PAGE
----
Dallas-based Southwest Airlines plans to end the common industry practice of overbooking flights - an industry practice implicated in an ugly incident on a United Airlines flight that has damaged United's reputation with the flying public.
Last year Southwest bumped 15,000 passengers off flights, more than any other U.S. airline. Carriers said they sometimes sell more tickets than there are seats because often a few passengers don't show up.
Beth Harbin, a Southwest spokeswoman, added Thursday that with better forecasting tools and a new reservations system coming online next month the airline will no longer have a need to overbook flights.
In a CNBC interview Thursday, Southwest CEO Gary Kelly said "I’ve made the decision and the company’s made the decision that we’ll cease to overbook going forward."
Kelly said the last thing that the company want to do is "deny a customer their flight. We’re going to work very hard to eliminate as many pain points for travel ... as possible."
Kelly was asked on an earnings conference call if the move could impact Southwest's results. He said ending overbooking would have a minor impact on revenue but gave no figures.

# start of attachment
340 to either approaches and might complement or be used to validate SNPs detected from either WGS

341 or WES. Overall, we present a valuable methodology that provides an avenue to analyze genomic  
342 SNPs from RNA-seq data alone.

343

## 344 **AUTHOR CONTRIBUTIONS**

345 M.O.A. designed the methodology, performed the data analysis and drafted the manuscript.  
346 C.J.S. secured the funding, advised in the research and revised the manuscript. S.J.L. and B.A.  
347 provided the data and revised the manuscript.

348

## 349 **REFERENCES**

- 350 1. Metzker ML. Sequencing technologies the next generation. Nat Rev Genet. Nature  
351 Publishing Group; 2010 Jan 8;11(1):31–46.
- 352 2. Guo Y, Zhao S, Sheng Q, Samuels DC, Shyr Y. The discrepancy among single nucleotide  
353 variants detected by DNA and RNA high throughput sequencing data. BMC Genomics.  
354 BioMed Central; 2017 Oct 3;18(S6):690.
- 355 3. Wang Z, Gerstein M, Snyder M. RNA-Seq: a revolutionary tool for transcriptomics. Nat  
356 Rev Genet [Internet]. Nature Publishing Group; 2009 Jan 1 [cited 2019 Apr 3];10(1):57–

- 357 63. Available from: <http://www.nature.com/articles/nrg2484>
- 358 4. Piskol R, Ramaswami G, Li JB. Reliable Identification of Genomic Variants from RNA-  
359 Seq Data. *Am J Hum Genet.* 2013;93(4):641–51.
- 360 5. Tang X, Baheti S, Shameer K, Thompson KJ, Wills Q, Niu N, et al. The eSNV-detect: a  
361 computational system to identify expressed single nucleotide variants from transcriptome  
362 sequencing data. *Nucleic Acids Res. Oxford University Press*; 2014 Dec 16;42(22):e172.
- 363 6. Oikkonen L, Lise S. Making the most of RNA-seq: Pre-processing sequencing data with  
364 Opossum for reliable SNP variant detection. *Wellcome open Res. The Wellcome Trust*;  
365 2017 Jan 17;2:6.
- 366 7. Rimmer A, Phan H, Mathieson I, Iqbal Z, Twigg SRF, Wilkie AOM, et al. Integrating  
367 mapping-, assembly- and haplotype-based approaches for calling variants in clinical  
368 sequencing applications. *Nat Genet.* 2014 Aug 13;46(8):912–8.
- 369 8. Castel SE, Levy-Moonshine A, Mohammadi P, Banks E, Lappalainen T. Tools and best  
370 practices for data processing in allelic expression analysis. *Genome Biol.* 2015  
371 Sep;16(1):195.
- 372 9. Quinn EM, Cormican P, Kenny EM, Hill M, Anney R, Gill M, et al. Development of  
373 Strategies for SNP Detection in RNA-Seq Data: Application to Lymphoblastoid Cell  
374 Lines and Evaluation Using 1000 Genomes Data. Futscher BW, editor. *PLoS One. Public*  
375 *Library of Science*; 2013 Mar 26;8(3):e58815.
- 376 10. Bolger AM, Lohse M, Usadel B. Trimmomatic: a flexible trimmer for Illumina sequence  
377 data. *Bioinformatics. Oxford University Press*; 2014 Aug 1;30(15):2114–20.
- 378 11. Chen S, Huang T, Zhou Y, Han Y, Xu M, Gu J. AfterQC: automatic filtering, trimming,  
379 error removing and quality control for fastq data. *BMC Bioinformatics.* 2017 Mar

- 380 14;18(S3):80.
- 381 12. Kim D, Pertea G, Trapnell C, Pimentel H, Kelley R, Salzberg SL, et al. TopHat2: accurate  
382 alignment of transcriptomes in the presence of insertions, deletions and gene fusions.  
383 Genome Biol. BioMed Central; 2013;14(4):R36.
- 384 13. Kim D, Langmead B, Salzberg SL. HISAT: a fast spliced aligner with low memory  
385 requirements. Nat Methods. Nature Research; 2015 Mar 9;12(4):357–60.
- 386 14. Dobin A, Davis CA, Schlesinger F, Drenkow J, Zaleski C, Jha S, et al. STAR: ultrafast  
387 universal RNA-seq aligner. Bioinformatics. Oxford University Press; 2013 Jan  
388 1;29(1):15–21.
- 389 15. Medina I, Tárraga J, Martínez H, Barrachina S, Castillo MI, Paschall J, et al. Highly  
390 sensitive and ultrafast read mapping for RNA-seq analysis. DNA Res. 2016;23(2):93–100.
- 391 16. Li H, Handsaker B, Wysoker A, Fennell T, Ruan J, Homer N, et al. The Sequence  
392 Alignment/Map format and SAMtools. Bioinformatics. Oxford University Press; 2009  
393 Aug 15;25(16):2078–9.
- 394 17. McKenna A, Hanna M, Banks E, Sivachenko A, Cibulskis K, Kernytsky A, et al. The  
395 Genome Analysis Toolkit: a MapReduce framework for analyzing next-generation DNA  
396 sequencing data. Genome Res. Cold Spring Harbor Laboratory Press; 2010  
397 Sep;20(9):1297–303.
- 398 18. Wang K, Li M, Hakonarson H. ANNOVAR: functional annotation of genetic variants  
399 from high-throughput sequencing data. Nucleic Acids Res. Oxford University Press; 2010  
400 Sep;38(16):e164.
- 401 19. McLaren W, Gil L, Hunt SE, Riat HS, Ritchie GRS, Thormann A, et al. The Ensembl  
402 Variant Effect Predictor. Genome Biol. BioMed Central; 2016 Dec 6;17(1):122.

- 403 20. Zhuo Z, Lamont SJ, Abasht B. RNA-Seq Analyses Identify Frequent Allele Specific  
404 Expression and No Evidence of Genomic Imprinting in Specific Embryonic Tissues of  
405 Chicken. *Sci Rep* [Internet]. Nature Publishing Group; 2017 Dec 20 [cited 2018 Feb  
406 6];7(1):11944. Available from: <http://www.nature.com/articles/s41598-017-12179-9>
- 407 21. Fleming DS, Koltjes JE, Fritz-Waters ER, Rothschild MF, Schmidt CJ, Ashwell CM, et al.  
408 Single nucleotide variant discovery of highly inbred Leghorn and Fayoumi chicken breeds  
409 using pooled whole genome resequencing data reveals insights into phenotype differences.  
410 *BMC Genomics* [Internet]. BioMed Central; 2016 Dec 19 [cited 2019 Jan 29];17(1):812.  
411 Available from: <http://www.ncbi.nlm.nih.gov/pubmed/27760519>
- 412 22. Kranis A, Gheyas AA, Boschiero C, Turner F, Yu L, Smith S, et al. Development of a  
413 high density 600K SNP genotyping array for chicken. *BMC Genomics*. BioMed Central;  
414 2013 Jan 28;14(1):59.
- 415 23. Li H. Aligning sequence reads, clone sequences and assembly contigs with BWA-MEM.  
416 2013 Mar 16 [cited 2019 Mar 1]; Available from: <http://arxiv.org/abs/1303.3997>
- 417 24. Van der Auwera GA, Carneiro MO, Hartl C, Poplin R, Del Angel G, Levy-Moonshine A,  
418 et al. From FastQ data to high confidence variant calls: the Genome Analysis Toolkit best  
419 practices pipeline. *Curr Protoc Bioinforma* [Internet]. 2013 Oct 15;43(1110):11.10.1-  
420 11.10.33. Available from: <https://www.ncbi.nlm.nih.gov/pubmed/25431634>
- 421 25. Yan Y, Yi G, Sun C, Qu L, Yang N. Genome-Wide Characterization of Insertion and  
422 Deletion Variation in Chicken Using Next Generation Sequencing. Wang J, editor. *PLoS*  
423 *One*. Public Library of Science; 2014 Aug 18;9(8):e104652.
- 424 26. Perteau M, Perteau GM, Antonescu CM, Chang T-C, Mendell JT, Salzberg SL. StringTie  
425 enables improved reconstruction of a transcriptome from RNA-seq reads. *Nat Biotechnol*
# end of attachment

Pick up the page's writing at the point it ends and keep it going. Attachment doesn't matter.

Chief Financial Officer Tammy Romo said doing away with overbooking would reduce costs -- airlines compensate passengers for giving up their seats -- which would offset some of the revenue hit.
Overbooking flights then rebooking passengers to free up space is legal—the Department of Transportation has general guidelines about overbooked flights and how to compensate barred passengers. Europe has a different set of rules.
U.S. airlines bumped 40,000 passengers last year, not counting those who volunteered to give up their seats. United booted 3,765.
On Thursday, United announced 10 policy changes stemming from the incident, including an increase in the incentives offered to overbooked passengers up to $10,000.